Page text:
The trials relating to the Guildford four and the Birmingham six were similarly bedevilled by distortion or suppression of forensic evidence and convicted the innocent. Similarly at Hillsborough, distortion and suppression of truth by the police blamed the innocent bystanders.

Early on the morning of the day in 2012 when the book Megrahi: you are my jury was published, revealing as it did that the fragment “PT35b” simply could never have been part of one of the Libyan owned timers because of the plating anomaly, Downing Street released a claim that the book was “an insult to the relatives”. The author of the book tells me that there was no legitimate way that Downing Street could have had access to the file of the book in advance – indeed I had only been allowed to read it myself through the night before launch, in a personally handed-over copy. What is the secret that still drives our State to seek to protect the now clearly false story told in the court?

What if our State were to acquiesce in the perversion of our justice systems to suit the needs of the aspiring president of another State? What was the real origin of the fragment “PT35b”?, how did it enter that Scottish police evidence bag?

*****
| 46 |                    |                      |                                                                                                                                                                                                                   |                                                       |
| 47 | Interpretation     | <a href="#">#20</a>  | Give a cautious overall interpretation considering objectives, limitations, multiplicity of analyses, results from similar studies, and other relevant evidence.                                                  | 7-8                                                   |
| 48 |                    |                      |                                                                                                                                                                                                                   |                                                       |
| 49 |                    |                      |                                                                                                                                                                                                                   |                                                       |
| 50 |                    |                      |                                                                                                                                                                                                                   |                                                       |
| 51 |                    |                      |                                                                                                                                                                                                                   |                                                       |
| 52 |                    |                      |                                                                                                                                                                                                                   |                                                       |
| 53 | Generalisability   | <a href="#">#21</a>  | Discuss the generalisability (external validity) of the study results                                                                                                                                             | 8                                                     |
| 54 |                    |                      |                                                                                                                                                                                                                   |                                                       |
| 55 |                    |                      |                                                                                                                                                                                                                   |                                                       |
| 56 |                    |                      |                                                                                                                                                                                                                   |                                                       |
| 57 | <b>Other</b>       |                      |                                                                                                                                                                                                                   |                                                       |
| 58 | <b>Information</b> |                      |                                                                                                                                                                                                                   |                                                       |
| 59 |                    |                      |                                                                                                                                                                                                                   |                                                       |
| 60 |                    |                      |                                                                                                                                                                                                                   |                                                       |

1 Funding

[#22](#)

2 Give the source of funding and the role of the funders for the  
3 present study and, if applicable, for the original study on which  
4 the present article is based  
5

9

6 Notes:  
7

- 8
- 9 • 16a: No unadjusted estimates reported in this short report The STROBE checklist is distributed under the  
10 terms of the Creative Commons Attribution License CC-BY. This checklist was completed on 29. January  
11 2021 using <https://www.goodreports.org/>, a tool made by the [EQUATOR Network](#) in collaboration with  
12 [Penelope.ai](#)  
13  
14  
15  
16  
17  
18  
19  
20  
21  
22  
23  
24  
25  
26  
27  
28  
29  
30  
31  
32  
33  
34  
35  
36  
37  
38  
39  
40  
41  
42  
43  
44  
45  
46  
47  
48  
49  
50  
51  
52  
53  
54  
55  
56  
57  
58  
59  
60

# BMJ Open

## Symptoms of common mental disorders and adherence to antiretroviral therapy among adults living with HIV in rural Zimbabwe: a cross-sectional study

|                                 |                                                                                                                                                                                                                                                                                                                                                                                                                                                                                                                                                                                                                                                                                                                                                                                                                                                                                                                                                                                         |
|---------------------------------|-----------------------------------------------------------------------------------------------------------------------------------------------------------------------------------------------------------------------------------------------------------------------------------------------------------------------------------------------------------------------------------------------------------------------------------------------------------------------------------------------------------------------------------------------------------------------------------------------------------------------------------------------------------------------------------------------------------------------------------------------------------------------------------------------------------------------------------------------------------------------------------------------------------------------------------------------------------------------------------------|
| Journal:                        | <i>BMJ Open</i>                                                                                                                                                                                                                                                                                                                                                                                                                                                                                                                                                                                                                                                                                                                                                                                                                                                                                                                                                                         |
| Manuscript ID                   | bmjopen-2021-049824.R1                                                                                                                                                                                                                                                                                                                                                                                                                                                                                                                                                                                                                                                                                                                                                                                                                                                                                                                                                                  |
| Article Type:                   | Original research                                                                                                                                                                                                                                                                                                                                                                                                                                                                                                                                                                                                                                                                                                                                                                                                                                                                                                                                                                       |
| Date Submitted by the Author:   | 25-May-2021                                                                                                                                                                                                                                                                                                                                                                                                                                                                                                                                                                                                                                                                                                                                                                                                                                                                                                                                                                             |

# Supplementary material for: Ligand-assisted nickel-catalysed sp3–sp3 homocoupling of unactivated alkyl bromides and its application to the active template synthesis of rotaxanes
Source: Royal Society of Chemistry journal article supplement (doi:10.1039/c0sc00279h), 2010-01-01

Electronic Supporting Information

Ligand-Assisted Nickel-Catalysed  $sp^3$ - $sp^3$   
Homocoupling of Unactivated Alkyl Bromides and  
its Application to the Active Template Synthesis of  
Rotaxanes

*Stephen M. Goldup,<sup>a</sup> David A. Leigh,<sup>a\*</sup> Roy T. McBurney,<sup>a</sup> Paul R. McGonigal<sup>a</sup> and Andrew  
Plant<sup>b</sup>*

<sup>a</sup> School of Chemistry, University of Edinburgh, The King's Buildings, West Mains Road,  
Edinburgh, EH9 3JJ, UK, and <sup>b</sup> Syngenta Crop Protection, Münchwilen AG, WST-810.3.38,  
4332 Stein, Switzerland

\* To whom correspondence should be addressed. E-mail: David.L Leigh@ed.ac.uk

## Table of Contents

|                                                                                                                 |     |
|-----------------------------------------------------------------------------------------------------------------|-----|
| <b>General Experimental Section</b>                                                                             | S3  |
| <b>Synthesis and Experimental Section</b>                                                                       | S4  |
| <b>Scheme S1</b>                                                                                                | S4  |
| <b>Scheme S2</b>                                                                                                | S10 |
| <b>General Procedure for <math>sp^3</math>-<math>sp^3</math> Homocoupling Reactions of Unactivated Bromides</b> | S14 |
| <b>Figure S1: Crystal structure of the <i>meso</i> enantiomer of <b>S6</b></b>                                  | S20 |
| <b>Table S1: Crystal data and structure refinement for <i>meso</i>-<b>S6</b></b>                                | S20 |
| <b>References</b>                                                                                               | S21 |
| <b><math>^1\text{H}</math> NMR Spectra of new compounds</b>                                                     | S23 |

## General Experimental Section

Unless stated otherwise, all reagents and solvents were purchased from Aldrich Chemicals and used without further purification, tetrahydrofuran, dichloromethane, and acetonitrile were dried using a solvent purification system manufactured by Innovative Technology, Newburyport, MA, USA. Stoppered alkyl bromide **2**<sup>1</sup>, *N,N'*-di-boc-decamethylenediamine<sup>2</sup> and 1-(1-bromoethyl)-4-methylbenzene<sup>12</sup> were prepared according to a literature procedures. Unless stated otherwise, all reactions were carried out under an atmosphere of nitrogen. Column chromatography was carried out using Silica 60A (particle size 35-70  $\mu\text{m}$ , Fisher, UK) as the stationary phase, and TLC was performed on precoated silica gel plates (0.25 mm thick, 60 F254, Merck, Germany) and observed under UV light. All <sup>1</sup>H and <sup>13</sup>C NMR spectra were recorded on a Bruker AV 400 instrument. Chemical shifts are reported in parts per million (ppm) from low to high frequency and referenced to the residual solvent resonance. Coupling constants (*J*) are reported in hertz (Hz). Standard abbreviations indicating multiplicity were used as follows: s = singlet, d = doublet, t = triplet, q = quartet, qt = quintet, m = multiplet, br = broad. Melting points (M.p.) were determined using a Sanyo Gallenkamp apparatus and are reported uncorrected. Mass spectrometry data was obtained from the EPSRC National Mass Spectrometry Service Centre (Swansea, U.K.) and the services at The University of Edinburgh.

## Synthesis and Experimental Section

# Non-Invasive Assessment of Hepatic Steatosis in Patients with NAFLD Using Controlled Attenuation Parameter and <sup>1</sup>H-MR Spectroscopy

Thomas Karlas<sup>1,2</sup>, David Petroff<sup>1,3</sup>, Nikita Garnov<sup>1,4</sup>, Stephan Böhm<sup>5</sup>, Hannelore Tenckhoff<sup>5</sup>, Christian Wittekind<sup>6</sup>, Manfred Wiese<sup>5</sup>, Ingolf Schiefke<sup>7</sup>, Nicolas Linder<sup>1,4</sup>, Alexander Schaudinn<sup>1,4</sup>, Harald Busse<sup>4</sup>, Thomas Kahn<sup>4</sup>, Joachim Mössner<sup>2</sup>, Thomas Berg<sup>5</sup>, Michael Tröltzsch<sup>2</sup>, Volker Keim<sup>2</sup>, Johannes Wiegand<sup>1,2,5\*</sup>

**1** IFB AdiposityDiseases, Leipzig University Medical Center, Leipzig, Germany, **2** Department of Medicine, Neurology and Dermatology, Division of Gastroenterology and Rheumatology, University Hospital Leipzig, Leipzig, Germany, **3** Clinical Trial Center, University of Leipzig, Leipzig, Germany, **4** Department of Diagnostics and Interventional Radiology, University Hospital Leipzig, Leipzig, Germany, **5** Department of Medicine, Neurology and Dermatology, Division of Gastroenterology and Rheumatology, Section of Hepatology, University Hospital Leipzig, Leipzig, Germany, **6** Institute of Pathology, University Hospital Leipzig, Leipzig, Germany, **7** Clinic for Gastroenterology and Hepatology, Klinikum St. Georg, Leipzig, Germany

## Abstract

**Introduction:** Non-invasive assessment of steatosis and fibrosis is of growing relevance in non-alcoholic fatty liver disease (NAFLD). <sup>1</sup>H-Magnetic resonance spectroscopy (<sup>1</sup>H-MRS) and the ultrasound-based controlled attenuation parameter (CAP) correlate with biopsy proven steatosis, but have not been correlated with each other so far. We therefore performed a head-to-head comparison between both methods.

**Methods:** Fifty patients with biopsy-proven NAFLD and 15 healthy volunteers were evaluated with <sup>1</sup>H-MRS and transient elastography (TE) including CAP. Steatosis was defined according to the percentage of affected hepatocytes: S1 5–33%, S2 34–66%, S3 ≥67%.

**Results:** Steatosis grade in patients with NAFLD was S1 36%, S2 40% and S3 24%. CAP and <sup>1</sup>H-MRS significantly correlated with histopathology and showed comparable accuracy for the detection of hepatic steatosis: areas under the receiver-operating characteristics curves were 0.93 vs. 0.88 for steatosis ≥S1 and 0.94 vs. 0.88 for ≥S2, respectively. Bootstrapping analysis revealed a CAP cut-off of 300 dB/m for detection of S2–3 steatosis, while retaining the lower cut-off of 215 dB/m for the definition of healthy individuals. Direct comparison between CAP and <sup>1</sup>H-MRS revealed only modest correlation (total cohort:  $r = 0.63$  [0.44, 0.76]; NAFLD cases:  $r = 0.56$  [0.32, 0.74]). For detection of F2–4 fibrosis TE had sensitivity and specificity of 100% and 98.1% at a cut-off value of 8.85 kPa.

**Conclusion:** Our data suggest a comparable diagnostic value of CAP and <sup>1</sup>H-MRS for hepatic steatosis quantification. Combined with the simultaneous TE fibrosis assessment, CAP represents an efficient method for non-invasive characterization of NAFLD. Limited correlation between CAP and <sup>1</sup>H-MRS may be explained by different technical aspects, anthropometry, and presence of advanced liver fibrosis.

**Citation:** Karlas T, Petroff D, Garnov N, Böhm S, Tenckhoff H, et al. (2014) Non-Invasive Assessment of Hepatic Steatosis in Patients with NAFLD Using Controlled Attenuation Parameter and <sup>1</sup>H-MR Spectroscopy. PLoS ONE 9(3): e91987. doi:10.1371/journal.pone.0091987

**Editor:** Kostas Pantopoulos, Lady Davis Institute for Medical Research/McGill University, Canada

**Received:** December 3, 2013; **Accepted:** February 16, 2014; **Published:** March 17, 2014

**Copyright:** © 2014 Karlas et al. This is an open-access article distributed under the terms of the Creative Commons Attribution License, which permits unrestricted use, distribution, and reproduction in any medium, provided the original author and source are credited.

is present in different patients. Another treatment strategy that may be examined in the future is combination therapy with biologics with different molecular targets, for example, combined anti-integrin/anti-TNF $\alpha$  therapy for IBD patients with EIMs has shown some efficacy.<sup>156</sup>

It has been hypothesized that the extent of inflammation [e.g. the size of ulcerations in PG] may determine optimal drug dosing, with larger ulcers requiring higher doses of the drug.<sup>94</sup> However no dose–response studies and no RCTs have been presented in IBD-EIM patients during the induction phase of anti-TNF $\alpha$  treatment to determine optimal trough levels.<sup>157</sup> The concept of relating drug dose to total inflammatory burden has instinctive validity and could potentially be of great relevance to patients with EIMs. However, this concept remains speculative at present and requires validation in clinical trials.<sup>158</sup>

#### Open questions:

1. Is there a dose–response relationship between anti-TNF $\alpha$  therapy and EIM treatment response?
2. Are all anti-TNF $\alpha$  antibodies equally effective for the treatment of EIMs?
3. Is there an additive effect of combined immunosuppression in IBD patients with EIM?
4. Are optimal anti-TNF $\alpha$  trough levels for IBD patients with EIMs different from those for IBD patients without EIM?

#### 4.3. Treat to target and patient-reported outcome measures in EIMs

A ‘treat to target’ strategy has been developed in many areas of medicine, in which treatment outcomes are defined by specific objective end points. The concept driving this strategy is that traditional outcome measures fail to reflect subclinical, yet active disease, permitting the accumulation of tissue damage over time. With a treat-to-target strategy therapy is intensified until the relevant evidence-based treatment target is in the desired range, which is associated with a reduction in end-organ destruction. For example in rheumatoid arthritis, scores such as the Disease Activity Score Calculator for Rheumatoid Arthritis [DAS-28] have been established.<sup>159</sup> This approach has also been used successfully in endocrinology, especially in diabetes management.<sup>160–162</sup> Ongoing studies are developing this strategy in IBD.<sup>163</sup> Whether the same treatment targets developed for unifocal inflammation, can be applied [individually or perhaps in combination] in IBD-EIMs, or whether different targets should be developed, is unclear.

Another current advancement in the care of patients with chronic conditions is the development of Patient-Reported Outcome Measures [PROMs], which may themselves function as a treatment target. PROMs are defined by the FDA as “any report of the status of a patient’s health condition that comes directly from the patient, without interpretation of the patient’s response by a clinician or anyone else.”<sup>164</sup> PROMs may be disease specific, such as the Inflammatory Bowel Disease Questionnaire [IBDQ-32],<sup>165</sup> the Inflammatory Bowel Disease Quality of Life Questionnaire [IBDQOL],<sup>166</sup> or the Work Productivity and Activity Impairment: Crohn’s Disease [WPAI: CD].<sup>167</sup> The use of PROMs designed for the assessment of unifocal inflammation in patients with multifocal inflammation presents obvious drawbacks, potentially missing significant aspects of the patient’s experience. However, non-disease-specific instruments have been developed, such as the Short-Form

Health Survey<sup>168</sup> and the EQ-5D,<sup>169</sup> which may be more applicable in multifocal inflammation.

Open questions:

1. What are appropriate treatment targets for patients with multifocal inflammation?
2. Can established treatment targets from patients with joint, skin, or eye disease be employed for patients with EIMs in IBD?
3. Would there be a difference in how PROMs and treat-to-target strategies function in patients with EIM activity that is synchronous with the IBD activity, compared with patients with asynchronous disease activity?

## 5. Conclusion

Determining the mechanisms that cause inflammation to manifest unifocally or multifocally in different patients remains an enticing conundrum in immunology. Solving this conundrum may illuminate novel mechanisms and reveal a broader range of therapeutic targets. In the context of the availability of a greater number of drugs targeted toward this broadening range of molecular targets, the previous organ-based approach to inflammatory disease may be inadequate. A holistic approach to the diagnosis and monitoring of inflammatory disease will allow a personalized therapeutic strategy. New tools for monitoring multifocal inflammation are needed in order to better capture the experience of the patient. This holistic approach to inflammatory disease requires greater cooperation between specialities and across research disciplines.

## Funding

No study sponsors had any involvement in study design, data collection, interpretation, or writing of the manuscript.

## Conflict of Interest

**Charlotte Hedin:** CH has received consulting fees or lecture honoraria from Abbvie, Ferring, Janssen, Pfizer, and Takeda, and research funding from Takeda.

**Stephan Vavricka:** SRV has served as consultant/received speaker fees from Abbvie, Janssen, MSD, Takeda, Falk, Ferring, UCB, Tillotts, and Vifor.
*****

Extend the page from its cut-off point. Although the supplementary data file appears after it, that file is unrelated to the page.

From Lady Thatcher’s day, when Lord Parkinson went to ask her cabinet on our behalf for an inquiry and returned with a metaphorical black eye from a blow from a handbag, we have been repeatedly refused any inquiry in either England or Scotland, always under the rubric of the wonderful criminal investigation and trial. What is it that our States know but still hide from us, the relatives? No recent catastrophe of such proportions has ever been denied an inquiry for twenty-five years.

The opacity of governments and the adherence to falsehood are deeply worrying. What sort of society have we become that we host gigantic intelligence systems spying even on our own innocent citizens, and yet when prevention fails, and some of those innocent citizens are murdered, deny transparency and objective re-examination of the facts to those of their citizens most devastated by that failure?

Dr Jim Swire has campaigned tirelessly for the truth to be revealed about the crash of Pan Am Flight 103 onto Lockerbie.

This article was written before the decision of relatives of some of the Lockerbie victims to launch a request for a further appeal against the Megrahi verdict to the Scottish Criminal Case Review Commission.


1. Ex Chief Constable Patrick Shearer: letter to Dr Jim Swire, 2 April 2012.
2. Gareth Peirce, London Review of Books, “The framing of Al Megrahi”.
3. Davina Miller, Taylor & Francis Online Defense & Security Analysis, Volume 27, Issue 4, 2011.

The Historian as Historical Subject